One of my favorite musicals is “Brigadoon”. The original production dates a long way back; to 1947. Brigadoon tells the tale of two Americans traveling in the Scottish Highlands. A town quietly appears to them through the fog: charming, simple and untouched by time. It is idyllic. To protect itself from the changing outside world, “Brigadoon” only appears to outsiders one day every hundred years. So when one of these travelers falls in love with a Scottish lass from the town, he only has a few hours to decide if that love means remaining in Brigadoon and disappearing into the fog forever. The ending is fitting (and not so predictable). I won’t give it away here.
My own Brigadoon appears to me, once a year for only a week or two. Just north of San Diego lies the little coastal town of Del Mar. It is a quiet village by the sea, with pretty little shops and restaurants, a prominent hotel, and a train that whistles its way along the nearby cliffs several times a day. You can stroll leisurely from the beach to the center of town in a matter of minutes. You can sit in the park on the bluffs and lose yourself in the horizon. The flip-flop pace is slow and the carefree inhabitants always seem relaxed and happy. Like Brigadoon, Del Mar is simple, romantic, and idyllic.
I keep returning to Del Mar, just as I did when I was a boy. Growing up in the bustle of Los Angeles, Del Mar was only a two-hour drive south by car or an effortless journey by train; yet always seemed a world away. My family spent the summers at our house on the beach, including countless hours in the sand and surf. In those days – a half-century ago or more (gulp) – Del Mar was as modest a burg as you can imagine. The beachhouses were drab single-story wood-sided bungalows. A walk on the shore encountered a lot of seaweed and rocks and only an occasional shell. The town was unremarkable; more practical than boutique. My child’s eye recalls the 7-Eleven as a highlight; the only place a kid cared about thanks to its Slurpees and pinball machines. Del Mar’s drugstore was almost forgettable, except you could buy chocolate malt tablets (meant for indigestion but candy to us kids). The park contained a snack shack where you couldn’t get much more than a grilled cheese and a Coke. And my friends and I used to sneak under the highway through a culvert, giving us a back door entrance to the nearby horse-racing grounds. I can still picture the jockeys, exercising their thoroughbreds in the ocean waves.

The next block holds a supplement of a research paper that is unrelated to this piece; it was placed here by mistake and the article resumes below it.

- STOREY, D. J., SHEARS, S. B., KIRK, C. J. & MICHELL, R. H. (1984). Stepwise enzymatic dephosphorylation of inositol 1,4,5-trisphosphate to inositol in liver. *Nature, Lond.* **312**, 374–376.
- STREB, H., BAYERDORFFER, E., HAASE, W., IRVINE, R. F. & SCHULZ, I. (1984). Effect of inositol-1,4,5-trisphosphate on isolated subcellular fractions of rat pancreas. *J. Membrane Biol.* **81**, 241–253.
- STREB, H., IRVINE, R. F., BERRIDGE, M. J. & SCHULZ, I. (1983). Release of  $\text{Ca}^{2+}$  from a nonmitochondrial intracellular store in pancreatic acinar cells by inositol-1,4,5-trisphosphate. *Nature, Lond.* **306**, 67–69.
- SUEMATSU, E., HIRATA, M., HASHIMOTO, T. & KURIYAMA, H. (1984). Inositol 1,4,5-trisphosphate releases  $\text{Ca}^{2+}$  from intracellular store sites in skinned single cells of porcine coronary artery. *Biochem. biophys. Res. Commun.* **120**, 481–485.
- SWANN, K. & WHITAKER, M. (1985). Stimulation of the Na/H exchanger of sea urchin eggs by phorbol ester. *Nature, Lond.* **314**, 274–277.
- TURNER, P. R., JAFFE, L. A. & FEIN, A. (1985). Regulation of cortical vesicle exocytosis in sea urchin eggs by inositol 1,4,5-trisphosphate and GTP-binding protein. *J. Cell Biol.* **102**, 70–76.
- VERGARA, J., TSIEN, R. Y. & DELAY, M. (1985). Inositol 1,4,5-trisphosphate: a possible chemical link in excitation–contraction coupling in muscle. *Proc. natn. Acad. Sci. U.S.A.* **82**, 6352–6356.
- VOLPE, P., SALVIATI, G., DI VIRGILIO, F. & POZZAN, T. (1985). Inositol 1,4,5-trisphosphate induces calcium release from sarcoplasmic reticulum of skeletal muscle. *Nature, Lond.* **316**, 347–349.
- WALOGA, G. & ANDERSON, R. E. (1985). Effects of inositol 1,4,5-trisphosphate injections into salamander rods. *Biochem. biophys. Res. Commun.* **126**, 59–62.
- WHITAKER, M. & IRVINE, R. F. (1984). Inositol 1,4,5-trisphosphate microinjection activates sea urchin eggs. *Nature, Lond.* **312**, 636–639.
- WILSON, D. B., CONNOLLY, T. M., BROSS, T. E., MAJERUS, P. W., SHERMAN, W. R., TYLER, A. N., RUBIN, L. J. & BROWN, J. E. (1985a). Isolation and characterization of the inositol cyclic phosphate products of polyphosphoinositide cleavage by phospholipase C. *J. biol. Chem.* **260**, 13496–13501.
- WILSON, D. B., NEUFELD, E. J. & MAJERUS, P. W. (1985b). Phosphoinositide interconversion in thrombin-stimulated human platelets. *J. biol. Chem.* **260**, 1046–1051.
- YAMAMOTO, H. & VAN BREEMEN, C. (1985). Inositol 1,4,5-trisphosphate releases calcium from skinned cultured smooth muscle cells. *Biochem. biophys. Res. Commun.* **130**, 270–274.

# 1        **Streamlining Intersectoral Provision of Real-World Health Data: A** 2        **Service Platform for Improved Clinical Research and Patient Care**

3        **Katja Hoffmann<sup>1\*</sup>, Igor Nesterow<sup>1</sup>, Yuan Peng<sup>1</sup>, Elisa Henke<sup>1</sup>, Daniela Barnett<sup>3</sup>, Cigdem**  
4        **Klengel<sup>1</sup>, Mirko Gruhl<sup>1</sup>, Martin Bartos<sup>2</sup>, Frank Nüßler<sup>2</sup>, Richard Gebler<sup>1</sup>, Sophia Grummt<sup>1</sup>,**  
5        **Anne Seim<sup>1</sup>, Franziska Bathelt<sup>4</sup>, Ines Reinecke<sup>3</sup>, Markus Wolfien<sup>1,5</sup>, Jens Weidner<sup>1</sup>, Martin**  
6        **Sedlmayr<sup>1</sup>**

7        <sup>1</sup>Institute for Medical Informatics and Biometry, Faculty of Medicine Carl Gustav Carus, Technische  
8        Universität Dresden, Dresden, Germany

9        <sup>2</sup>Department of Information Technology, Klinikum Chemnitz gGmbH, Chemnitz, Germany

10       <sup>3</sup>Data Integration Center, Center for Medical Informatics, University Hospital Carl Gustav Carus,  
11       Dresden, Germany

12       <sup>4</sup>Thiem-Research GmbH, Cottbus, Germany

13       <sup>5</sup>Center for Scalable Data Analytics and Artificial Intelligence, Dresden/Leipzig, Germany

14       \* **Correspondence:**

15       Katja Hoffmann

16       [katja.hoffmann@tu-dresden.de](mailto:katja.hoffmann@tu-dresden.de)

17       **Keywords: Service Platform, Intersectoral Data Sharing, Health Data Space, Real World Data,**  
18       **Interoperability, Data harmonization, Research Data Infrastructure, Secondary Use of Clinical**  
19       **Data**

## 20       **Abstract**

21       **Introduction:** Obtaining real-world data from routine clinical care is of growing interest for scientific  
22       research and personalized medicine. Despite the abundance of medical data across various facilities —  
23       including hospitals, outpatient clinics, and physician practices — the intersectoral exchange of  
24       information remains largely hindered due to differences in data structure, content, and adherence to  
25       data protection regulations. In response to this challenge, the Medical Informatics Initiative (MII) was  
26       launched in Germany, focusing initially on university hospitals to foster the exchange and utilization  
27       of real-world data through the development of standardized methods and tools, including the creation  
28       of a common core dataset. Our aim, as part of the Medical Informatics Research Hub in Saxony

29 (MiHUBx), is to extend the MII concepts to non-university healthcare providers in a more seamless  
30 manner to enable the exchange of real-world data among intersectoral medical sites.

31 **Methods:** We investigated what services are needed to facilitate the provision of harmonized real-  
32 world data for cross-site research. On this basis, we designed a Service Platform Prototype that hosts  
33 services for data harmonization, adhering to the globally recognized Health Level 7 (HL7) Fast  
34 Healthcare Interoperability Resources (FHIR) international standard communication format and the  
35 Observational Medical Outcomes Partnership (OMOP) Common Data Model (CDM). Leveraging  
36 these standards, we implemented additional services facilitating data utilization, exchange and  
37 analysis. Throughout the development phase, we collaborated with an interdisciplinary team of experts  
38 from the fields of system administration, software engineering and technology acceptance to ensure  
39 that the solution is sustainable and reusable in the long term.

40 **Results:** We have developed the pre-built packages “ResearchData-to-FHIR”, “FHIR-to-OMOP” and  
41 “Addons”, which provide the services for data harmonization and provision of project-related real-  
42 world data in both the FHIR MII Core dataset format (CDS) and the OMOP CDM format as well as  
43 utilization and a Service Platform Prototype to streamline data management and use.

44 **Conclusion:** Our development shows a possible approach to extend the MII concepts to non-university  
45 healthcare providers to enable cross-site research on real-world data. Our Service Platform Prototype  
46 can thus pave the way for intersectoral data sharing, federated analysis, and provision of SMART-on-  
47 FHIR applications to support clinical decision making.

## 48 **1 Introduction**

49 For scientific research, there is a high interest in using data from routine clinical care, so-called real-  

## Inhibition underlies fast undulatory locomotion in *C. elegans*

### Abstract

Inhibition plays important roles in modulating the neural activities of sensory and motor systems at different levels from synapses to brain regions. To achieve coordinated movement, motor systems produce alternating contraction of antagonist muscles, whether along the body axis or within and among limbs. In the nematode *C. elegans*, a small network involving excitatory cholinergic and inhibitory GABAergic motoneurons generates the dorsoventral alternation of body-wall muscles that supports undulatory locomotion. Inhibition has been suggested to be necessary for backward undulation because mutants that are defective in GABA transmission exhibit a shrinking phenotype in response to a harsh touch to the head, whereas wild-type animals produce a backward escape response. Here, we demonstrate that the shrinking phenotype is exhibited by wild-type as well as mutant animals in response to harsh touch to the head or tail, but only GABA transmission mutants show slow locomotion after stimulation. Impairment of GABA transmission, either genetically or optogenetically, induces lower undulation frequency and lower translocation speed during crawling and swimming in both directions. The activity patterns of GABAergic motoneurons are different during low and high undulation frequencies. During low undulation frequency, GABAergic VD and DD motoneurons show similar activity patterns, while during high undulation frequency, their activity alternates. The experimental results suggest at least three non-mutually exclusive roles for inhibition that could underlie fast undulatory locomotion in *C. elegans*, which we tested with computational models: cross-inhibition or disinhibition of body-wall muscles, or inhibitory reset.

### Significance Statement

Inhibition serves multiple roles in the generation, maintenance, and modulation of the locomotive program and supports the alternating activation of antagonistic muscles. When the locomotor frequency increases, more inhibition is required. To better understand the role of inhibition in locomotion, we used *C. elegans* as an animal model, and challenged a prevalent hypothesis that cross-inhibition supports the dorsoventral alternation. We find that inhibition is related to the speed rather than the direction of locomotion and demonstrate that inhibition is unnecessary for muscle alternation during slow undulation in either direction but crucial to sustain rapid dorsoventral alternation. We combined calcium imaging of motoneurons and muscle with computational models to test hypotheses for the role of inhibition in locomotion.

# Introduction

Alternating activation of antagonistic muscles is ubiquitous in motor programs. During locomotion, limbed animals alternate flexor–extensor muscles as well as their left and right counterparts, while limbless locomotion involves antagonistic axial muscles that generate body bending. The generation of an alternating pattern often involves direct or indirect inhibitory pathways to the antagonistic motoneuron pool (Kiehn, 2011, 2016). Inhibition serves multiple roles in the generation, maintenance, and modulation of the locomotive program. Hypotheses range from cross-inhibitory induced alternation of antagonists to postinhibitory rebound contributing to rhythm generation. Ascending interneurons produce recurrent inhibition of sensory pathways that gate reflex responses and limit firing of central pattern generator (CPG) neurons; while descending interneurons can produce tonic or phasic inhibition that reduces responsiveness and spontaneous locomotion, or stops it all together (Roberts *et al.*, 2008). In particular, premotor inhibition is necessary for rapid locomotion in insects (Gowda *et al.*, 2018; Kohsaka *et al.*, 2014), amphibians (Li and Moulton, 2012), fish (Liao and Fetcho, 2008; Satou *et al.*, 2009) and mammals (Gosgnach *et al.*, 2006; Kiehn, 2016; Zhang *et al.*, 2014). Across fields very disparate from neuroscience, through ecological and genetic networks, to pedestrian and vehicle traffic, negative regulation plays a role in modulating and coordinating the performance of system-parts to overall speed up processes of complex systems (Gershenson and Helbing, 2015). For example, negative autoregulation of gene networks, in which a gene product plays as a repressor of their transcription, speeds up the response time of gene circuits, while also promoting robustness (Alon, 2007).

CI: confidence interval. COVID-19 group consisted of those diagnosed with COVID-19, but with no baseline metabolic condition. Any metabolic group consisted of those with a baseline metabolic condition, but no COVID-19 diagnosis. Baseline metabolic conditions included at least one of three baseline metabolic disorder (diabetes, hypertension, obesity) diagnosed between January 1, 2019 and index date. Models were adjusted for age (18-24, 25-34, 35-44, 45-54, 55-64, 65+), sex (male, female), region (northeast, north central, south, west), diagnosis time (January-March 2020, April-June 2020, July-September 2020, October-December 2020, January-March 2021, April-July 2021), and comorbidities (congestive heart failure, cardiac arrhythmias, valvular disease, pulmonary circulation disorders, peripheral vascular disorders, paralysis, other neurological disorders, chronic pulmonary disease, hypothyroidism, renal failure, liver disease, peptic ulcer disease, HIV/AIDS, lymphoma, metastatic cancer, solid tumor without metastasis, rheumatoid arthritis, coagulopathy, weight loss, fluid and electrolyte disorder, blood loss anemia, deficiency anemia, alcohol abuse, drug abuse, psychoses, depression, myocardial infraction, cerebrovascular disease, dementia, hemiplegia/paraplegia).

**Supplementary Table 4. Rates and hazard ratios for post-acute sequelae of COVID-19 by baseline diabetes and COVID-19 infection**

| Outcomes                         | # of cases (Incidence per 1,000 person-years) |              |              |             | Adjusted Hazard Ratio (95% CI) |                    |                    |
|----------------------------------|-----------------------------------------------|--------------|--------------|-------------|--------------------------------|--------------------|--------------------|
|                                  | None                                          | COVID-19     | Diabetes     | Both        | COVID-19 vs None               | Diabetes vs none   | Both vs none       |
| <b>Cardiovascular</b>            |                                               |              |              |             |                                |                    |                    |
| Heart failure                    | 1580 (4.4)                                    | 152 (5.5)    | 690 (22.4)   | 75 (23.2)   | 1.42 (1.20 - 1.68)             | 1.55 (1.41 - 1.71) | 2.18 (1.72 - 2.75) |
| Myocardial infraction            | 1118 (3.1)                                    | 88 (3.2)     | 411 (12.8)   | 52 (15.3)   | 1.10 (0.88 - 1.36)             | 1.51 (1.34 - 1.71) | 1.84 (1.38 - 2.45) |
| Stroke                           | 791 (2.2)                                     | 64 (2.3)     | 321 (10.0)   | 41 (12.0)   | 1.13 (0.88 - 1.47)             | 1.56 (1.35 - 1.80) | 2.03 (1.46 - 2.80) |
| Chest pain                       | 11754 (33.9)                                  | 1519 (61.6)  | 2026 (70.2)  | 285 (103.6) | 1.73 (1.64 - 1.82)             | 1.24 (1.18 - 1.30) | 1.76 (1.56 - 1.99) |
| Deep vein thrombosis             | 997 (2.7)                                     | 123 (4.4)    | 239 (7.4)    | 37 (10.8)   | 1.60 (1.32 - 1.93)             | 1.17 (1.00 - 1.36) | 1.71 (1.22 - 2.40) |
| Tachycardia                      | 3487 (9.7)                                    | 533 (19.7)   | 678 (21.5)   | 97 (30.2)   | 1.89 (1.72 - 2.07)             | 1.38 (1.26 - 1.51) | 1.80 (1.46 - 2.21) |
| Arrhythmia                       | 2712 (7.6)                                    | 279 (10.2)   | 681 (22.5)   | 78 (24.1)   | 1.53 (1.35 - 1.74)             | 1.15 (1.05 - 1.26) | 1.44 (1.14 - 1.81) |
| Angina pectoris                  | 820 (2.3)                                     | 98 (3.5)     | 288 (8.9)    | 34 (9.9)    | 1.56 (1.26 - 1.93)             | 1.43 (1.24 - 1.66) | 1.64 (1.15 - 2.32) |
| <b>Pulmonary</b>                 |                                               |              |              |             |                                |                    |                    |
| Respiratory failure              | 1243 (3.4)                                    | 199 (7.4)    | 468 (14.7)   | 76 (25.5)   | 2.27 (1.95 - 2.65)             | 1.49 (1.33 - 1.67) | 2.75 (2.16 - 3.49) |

Del Mar is a wholly different animal today. The draw of the coast, the consistently good weather, and the summer horse-racing season has transformed a modest locale into quite the tony address. The beach is groomed daily and the sand is marked into areas for swimming and other areas for games and still other areas for dogs. The hotel commands a nightly rate of $350. The park on the bluffs is all spruced up – no more snack bar – and used for concerts and festivals. A sunset wedding/reception sets you back $4k just for the use of the park. The local Starbucks sells enough coffee and tea to rank among the most successful locations in the country. The racetrack patrons hit the town in their Sunday best the first day of the season (think Kentucky Derby). And most notably, a house on the beach – with a very narrow slot of property abutting the ocean – cannot be had for less than $10 million. Yes, Del Mar is all dressed up these days and hardly simple.
But it’s still my Brigadoon.
My family and I make our annual pilgrimage to Del Mar every July. We leave behind landlocked Colorado for yet another taste of the sun and surf and salty air. And as soon as I arrive, the little town I remember reveals itself to me from the fog that has enveloped it over the years. The fancy shops, restaurants, and patrons step aside in favor of the simpler and more idyllic memories of the Del Mar I first fell in love with. If it were possible, I might just choose to take a leap – forever – into the Brigadoon of my yesteryear.